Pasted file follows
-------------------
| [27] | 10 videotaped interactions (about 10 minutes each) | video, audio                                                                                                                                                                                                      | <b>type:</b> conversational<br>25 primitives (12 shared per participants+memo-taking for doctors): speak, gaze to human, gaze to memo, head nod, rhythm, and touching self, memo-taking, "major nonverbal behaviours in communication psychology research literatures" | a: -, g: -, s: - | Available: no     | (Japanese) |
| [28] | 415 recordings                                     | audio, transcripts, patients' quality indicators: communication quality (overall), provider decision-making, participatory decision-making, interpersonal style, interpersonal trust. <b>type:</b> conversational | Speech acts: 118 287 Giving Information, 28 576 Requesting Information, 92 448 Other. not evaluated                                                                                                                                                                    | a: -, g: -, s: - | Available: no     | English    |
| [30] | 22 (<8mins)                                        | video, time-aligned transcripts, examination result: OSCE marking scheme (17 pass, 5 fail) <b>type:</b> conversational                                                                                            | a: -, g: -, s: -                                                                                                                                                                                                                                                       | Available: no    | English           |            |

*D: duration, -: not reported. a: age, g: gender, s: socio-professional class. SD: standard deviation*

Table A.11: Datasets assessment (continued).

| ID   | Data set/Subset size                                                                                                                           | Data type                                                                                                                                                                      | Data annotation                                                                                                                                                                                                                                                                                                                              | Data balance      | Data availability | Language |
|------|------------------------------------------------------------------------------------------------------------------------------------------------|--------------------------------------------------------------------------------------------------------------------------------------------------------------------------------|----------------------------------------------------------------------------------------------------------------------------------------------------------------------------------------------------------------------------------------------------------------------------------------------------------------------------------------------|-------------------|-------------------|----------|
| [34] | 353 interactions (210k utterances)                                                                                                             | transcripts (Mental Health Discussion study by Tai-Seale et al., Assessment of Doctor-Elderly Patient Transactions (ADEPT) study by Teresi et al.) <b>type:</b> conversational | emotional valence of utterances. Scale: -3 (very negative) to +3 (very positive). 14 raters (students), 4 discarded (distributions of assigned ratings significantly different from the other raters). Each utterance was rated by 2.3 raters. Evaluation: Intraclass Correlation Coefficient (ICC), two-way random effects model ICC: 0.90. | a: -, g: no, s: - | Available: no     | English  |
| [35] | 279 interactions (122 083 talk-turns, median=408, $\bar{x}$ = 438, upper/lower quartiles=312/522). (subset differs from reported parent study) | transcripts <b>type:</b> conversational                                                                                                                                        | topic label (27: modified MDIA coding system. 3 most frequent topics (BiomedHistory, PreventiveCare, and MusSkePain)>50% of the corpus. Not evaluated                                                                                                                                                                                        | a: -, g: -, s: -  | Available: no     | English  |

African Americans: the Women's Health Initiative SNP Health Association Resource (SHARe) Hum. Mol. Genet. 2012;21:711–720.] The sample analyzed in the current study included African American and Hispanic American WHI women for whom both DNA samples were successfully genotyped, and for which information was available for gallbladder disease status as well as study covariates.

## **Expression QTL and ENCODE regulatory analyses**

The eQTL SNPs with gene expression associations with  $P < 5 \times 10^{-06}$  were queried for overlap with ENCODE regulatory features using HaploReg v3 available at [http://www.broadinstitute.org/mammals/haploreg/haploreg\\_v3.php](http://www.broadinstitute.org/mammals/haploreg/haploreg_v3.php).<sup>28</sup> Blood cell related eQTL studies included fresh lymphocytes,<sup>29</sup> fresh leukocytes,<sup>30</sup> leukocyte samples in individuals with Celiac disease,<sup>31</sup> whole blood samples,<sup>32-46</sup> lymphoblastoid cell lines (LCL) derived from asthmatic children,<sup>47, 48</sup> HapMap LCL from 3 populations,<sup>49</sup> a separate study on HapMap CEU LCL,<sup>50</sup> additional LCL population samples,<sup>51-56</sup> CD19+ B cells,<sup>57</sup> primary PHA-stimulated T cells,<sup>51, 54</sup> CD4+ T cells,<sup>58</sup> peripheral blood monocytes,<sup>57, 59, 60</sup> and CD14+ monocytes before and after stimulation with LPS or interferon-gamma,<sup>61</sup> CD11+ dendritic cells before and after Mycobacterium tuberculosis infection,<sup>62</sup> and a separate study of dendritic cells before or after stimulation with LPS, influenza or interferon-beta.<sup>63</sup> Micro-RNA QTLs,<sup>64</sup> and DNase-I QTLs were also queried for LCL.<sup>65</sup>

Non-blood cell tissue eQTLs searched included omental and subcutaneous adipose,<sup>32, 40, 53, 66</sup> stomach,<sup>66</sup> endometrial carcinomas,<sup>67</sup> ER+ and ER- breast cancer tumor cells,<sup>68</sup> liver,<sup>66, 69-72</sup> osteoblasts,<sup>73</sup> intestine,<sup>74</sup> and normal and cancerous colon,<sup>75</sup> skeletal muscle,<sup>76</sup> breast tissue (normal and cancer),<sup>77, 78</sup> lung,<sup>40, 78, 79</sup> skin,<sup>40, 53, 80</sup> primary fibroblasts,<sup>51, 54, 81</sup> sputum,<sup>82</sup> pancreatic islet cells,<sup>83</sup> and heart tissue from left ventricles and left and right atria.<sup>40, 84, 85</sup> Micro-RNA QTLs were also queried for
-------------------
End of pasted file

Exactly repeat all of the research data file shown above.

| [27] | 10 videotaped interactions (about 10 minutes each) | video, audio                                                                                                                                                                                                      | <b>type:</b> conversational<br>25 primitives (12 shared per participants+memo-taking for doctors): speak, gaze to human, gaze to memo, head nod, rhythm, and touching self, memo-taking, "major nonverbal behaviours in communication psychology research literatures" | a: -, g: -, s: - | Available: no     | (Japanese) |
| [28] | 415 recordings                                     | audio, transcripts, patients' quality indicators: communication quality (overall), provider decision-making, participatory decision-making, interpersonal style, interpersonal trust. <b>type:</b> conversational | Speech acts: 118 287 Giving Information, 28 576 Requesting Information, 92 448 Other. not evaluated                                                                                                                                                                    | a: -, g: -, s: - | Available: no     | English    |
| [30] | 22 (<8mins)                                        | video, time-aligned transcripts, examination result: OSCE marking scheme (17 pass, 5 fail) <b>type:</b> conversational                                                                                            | a: -, g: -, s: -                                                                                                                                                                                                                                                       | Available: no    | English           |            |

*D: duration, -: not reported. a: age, g: gender, s: socio-professional class. SD: standard deviation*

Table A.11: Datasets assessment (continued).

| ID   | Data set/Subset size                                                                                                                           | Data type                                                                                                                                                                      | Data annotation                                                                                                                                                                                                                                                                                                                              | Data balance      | Data availability | Language |
|------|------------------------------------------------------------------------------------------------------------------------------------------------|--------------------------------------------------------------------------------------------------------------------------------------------------------------------------------|----------------------------------------------------------------------------------------------------------------------------------------------------------------------------------------------------------------------------------------------------------------------------------------------------------------------------------------------|-------------------|-------------------|----------|
| [34] | 353 interactions (210k utterances)                                                                                                             | transcripts (Mental Health Discussion study by Tai-Seale et al., Assessment of Doctor-Elderly Patient Transactions (ADEPT) study by Teresi et al.) <b>type:</b> conversational | emotional valence of utterances. Scale: -3 (very negative) to +3 (very positive). 14 raters (students), 4 discarded (distributions of assigned ratings significantly different from the other raters). Each utterance was rated by 2.3 raters. Evaluation: Intraclass Correlation Coefficient (ICC), two-way random effects model ICC: 0.90. | a: -, g: no, s: - | Available: no     | English  |
| [35] | 279 interactions (122 083 talk-turns, median=408, $\bar{x}$ = 438, upper/lower quartiles=312/522). (subset differs from reported parent study) | transcripts <b>type:</b> conversational                                                                                                                                        | topic label (27: modified MDIA coding system. 3 most frequent topics (BiomedHistory, PreventiveCare, and MusSkePain)>50% of the corpus. Not evaluated                                                                                                                                                                                        | a: -, g: -, s: -  | Available: no     | English  |

African Americans: the Women's Health Initiative SNP Health Association Resource (SHARe) Hum. Mol. Genet. 2012;21:711–720.] The sample analyzed in the current study included African American and Hispanic American WHI women for whom both DNA samples were successfully genotyped, and for which information was available for gallbladder disease status as well as study covariates.

## **Expression QTL and ENCODE regulatory analyses**

The eQTL SNPs with gene expression associations with  $P < 5 \times 10^{-06}$  were queried for overlap with ENCODE regulatory features using HaploReg v3 available at [http://www.broadinstitute.org/mammals/haploreg/haploreg\\_v3.php](http://www.broadinstitute.org/mammals/haploreg/haploreg_v3.php).<sup>28</sup> Blood cell related eQTL studies included fresh lymphocytes,<sup>29</sup> fresh leukocytes,<sup>30</sup> leukocyte samples in individuals with Celiac disease,<sup>31</sup> whole blood samples,<sup>32-46</sup> lymphoblastoid cell lines (LCL) derived from asthmatic children,<sup>47, 48</sup> HapMap LCL from 3 populations,<sup>49</sup> a separate study on HapMap CEU LCL,<sup>50</sup> additional LCL population samples,<sup>51-56</sup> CD19+ B cells,<sup>57</sup> primary PHA-stimulated T cells,<sup>51, 54</sup> CD4+ T cells,<sup>58</sup> peripheral blood monocytes,<sup>57, 59, 60</sup> and CD14+ monocytes before and after stimulation with LPS or interferon-gamma,<sup>61</sup> CD11+ dendritic cells before and after Mycobacterium tuberculosis infection,<sup>62</sup> and a separate study of dendritic cells before or after stimulation with LPS, influenza or interferon-beta.<sup>63</sup> Micro-RNA QTLs,<sup>64</sup> and DNase-I QTLs were also queried for LCL.<sup>65</sup>

Non-blood cell tissue eQTLs searched included omental and subcutaneous adipose,<sup>32, 40, 53, 66</sup> stomach,<sup>66</sup> endometrial carcinomas,<sup>67</sup> ER+ and ER- breast cancer tumor cells,<sup>68</sup> liver,<sup>66, 69-72</sup> osteoblasts,<sup>73</sup> intestine,<sup>74</sup> and normal and cancerous colon,<sup>75</sup> skeletal muscle,<sup>76</sup> breast tissue (normal and cancer),<sup>77, 78</sup> lung,<sup>40, 78, 79</sup> skin,<sup>40, 53, 80</sup> primary fibroblasts,<sup>51, 54, 81</sup> sputum,<sup>82</sup> pancreatic islet cells,<sup>83</sup> and heart tissue from left ventricles and left and right atria.<sup>40, 84, 85</sup> Micro-RNA QTLs were also queried for